The Five Elements of an Interesting Business Story
Every business, large or small, local or global, has an interesting story to tell. Unfortunately, this story is usually buried under a steaming pile of marketing cliches and robotic business language.
A great story can work to help potential customers pay attention, connect with your company on a deeper level, and spread your message virally through word-of-mouth. A business story can be told in many different ways. Whether it is through text, speech or video, the elements will stay the same.
Going beyond the basics
Scan any brochure or about page online, and chances are that you will soon be greeted with a formulaic mission statement or cv-style founder biography. If you are lucky, you’ll learn the basic who, what, where, when, why and how of the company. It is usually very brief, and focused more on the who, what and where and when rather than the why and how. What is wrong with that? It’s more of a news story than a narrative, and usually it will bore you to tears.
Making it interesting
If you are attempting to market something, if you don’t at least have interest, you fail. You may be thinking: “I sell socks, this isn’t The Lord of the Rings.” You are right. It isn’t Lord of the Rings… It’s Lord of the Socks. Establishing a good business story will permeate through your company and can buffer the establishment of real company culture. Nobody will voluntarily remember a mission statement or a set of guidelines. They will remember a story. Not only will they remember it, they will communicate it more willingly due to the nature of a story.
The elements of a business story
Every story has five basic elements: Characters, settings, conflict, plot, and theme. Your story may not seem too exciting, but it can be very interesting when the right elements are revealed. In building a story for your business, it is best to start with the basic story elements, and go from there.
1. Character: Who is involved?
Who is behind the company? Where did they come from and what characteristics do they have? Are there any events or circumstances that helped shape who they are today or became the reason for starting the company? If the company was a character itself, what kind of personality or charateristics does it have? Is it old and wise with plenty of trials and tribulations behind it? Is it out to change the world like a superhero? Is it an enemy of the status quo, disrupting its industry at every turn. Think about how this character (whether entity or individual) has changed or had revelations in the past, and how does this change relate to their current philosophy?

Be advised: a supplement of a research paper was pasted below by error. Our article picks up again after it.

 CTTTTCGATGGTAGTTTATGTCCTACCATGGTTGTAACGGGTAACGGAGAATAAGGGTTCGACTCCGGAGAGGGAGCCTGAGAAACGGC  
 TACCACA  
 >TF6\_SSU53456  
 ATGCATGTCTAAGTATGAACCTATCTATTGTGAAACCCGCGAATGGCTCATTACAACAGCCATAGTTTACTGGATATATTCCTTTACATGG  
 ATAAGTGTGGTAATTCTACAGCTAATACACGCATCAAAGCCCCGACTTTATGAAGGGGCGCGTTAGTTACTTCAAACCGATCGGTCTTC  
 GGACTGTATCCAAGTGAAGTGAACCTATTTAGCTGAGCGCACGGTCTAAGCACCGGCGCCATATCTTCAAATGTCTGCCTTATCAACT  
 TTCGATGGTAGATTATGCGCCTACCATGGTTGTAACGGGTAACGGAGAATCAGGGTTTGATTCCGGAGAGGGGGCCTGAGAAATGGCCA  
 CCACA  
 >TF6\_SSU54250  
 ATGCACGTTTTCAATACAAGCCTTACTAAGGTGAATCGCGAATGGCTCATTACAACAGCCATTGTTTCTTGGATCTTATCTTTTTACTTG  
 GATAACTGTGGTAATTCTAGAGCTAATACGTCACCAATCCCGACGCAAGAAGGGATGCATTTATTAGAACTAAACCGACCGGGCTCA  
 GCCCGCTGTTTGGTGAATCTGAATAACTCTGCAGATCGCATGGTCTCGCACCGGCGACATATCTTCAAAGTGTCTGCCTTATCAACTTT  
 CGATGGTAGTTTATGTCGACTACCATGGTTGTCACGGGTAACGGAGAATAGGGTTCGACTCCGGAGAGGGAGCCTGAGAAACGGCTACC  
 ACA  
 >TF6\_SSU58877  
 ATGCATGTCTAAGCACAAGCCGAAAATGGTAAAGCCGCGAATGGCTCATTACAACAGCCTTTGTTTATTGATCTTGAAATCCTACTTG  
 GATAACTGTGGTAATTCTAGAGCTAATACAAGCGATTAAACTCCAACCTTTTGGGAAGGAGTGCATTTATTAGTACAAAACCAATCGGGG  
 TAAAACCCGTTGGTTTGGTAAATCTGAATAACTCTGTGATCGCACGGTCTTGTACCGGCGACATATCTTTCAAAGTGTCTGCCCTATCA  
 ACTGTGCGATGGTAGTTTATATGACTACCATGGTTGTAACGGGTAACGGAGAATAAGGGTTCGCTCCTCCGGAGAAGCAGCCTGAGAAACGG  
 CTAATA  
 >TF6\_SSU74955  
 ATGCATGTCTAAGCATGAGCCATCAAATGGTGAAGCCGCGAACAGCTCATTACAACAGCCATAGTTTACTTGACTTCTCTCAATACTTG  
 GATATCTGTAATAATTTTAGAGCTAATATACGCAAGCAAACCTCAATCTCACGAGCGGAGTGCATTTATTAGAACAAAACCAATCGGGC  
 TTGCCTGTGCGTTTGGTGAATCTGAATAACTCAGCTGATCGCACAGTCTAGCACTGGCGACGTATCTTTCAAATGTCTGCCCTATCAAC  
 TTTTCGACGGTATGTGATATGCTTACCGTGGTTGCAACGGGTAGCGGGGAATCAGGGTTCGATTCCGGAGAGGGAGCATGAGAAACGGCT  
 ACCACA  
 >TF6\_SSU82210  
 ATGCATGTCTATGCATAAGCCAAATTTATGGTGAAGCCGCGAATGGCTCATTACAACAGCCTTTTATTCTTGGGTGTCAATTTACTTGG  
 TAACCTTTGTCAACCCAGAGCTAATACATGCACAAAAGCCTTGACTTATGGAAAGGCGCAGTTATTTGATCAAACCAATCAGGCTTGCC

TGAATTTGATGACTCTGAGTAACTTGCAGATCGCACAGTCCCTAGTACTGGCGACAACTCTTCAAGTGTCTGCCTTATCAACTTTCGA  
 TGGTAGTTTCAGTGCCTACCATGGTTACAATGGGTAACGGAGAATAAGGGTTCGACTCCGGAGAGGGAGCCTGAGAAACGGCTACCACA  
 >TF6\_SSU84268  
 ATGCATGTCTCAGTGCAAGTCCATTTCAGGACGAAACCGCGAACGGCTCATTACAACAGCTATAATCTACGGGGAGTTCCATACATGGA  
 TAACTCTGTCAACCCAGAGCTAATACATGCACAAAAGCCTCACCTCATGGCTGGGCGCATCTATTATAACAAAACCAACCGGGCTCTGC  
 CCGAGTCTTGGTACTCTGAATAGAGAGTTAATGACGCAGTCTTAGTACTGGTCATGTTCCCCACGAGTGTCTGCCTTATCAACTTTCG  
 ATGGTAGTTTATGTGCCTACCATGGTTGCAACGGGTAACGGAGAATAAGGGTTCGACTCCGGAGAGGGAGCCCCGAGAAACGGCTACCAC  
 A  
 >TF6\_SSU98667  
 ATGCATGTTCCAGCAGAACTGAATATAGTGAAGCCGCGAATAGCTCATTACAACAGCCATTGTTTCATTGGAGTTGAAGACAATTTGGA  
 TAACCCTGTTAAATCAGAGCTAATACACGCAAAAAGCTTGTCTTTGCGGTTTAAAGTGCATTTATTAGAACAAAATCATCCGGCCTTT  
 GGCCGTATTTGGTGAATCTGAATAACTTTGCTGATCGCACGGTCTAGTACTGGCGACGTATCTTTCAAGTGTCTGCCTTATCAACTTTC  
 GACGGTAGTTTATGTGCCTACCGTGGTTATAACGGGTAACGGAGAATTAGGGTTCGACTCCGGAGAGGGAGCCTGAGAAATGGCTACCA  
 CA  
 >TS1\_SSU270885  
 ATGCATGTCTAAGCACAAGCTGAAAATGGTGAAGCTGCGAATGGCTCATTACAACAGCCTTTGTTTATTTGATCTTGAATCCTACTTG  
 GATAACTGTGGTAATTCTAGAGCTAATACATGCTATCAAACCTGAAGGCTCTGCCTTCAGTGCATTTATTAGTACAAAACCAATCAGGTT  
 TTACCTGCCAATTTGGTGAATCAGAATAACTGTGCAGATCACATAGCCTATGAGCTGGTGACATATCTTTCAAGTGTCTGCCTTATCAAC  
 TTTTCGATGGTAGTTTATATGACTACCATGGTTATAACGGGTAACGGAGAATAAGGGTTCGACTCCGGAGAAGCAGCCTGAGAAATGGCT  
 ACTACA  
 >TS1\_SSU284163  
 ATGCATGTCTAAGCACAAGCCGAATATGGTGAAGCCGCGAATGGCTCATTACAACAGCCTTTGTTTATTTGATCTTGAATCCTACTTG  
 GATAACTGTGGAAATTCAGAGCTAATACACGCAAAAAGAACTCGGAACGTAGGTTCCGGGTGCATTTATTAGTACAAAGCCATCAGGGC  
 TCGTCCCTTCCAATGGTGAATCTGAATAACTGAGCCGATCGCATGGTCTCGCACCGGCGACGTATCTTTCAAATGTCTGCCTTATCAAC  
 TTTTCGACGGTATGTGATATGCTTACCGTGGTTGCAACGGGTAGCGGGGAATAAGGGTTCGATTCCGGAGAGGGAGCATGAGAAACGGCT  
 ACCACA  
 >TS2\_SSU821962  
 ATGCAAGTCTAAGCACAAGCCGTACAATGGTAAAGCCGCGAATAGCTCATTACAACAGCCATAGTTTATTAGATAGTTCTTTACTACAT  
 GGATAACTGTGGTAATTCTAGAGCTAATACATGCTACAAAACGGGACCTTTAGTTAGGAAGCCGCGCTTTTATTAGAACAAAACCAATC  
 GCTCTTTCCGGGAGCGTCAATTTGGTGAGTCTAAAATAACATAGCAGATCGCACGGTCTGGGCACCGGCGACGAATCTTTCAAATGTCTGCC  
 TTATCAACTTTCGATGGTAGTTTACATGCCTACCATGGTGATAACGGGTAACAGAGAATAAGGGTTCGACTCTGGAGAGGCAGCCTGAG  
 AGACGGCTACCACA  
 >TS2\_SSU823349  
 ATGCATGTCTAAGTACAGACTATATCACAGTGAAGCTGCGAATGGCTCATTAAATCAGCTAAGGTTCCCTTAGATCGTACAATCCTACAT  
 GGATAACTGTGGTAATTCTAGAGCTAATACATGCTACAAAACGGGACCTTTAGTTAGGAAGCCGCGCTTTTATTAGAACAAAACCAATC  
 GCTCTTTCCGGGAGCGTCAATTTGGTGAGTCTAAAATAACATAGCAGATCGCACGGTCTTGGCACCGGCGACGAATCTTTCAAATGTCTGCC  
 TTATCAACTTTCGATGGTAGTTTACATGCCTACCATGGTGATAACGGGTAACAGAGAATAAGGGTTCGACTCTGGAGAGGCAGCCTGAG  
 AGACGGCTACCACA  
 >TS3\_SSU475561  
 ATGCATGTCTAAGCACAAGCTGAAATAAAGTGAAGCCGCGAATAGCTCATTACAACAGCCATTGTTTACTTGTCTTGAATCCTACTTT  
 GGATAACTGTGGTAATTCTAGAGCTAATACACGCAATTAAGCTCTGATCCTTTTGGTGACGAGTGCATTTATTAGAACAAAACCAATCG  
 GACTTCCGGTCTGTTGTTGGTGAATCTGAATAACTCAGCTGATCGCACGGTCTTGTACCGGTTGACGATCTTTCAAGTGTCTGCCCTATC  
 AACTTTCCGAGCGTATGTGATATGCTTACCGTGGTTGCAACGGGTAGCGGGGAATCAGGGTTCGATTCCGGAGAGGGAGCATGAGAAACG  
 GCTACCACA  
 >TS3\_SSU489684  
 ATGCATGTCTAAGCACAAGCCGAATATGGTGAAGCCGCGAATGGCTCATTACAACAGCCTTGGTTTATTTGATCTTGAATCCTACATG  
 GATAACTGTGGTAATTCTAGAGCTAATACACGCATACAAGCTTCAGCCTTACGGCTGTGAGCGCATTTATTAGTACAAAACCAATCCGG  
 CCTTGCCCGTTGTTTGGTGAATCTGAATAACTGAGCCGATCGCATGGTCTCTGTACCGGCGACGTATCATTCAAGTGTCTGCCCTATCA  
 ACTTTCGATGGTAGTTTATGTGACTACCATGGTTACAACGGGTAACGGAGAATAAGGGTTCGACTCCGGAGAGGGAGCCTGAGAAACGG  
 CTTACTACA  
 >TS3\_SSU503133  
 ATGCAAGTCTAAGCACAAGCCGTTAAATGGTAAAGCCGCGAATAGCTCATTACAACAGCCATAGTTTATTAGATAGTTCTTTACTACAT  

For instance, your sock company might have been founded by a local entrepreneur who was originally a traveler/adventurer/mountain climber that started in the sock business because he couldn’t find a double reinforced sock to support his ankles on long trips. The business has grown to become large but the founder has refused to change the way he made the original socks despite enticing profits from mechanized processes. This is a stubborn, old fashioned business started by travelers, not businessmen. There’s your character.
2. Setting: Where and when is the story taking place?
This one is easy, but can become complex very quickly. Setting is essentially the time and place the story takes place. Where is this business located and what area does it serve? Is it set to go global, or is it confined to the town it is in? Where and when did it start? Where is it now and where does it hope to go in the future?